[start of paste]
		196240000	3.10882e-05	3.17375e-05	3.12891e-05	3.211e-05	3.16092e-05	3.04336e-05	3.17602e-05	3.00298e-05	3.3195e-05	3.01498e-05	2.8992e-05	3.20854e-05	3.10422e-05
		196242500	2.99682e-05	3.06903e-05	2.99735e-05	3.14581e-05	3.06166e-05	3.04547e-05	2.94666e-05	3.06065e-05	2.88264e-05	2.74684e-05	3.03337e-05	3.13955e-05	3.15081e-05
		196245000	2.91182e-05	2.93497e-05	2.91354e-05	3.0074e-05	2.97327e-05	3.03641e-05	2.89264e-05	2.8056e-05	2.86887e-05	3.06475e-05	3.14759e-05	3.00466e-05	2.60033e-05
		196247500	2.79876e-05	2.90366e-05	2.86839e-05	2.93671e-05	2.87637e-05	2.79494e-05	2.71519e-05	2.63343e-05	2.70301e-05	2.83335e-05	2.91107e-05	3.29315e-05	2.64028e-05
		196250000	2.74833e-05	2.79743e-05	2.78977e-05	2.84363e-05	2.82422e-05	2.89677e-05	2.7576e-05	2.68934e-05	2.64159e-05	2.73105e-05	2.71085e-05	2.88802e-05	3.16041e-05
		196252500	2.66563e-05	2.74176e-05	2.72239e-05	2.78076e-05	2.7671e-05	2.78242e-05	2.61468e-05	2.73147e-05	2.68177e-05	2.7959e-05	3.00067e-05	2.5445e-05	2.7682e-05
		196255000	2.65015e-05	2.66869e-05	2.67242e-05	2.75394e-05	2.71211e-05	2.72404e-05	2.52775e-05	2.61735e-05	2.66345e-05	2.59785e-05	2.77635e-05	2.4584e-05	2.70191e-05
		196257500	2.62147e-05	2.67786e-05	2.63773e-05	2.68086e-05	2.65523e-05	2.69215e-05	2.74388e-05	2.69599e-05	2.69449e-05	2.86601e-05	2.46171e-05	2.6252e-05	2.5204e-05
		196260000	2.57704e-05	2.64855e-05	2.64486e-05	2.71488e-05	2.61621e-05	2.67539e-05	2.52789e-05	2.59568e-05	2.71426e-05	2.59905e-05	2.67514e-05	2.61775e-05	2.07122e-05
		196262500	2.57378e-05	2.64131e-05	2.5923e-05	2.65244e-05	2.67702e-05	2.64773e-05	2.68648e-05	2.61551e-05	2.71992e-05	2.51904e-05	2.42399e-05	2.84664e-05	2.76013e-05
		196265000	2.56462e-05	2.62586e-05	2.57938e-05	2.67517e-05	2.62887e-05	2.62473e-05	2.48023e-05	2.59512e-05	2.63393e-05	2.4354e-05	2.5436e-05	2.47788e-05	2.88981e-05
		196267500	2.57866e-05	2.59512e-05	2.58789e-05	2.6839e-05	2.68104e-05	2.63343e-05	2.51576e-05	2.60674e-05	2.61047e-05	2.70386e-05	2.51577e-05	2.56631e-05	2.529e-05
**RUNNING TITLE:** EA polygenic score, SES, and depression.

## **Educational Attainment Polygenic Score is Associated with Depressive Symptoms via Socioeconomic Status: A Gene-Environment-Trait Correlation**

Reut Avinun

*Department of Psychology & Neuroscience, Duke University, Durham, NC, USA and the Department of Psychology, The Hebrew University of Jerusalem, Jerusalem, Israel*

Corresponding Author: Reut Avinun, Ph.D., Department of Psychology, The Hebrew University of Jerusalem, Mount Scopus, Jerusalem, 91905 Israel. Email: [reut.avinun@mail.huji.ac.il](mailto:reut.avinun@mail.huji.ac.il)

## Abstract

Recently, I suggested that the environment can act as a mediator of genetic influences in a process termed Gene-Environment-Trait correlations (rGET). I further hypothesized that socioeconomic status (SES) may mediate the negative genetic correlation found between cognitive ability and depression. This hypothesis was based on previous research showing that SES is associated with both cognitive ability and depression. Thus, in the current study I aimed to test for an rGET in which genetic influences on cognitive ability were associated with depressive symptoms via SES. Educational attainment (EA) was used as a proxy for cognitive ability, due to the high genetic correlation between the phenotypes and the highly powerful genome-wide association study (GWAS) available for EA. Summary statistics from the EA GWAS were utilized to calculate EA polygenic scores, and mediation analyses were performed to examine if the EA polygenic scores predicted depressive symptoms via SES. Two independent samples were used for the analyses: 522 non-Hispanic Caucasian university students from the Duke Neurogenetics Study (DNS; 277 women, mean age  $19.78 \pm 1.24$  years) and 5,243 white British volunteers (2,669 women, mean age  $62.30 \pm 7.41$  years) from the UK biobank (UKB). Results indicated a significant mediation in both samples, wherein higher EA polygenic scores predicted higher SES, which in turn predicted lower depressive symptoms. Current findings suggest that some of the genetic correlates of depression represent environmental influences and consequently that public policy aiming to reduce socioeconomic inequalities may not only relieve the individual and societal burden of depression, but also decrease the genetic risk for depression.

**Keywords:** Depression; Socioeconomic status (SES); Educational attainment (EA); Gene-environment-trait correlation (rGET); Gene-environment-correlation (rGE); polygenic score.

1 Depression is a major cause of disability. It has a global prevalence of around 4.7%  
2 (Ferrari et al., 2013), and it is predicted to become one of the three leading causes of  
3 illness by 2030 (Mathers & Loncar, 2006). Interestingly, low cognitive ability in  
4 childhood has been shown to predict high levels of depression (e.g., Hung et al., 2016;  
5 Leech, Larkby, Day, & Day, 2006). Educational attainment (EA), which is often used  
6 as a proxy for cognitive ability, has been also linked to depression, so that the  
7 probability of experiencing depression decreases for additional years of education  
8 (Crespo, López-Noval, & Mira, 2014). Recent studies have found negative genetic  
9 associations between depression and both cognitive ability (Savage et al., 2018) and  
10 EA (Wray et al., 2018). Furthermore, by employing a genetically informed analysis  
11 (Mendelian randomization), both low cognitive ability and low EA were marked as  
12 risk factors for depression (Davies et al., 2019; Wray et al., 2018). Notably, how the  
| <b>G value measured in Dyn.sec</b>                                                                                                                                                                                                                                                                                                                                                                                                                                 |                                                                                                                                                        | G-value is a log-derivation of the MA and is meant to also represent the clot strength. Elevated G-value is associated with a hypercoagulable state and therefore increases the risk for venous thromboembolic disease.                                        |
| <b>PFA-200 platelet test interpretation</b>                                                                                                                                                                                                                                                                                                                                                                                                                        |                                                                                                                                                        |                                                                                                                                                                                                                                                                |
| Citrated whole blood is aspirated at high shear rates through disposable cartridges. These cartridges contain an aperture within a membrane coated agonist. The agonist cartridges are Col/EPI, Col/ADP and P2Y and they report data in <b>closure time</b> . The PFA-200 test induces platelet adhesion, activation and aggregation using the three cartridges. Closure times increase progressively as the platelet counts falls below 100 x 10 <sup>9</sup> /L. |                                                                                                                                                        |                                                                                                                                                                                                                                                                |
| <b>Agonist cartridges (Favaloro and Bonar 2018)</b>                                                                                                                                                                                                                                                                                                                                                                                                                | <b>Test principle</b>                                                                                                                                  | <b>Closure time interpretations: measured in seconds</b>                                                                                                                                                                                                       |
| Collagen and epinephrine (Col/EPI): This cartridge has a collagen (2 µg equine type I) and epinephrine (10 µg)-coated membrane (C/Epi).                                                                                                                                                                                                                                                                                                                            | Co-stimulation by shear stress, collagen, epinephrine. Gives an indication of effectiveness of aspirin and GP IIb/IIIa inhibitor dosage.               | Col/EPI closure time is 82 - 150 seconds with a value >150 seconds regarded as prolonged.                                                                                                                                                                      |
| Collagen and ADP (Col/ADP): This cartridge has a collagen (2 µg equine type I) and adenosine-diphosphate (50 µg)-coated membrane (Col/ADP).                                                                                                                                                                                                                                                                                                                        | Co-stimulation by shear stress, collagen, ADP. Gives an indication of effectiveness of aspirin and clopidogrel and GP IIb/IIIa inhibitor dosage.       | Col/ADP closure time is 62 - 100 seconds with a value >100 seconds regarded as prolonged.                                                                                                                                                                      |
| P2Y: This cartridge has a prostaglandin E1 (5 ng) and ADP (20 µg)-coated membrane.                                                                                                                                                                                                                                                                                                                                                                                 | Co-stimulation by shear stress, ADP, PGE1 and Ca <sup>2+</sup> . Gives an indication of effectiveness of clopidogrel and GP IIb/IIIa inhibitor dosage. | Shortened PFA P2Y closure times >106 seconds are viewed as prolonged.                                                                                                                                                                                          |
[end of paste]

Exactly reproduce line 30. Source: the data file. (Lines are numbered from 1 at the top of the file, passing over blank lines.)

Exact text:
10 EA (Wray et al., 2018). Furthermore, by employing a genetically informed analysis  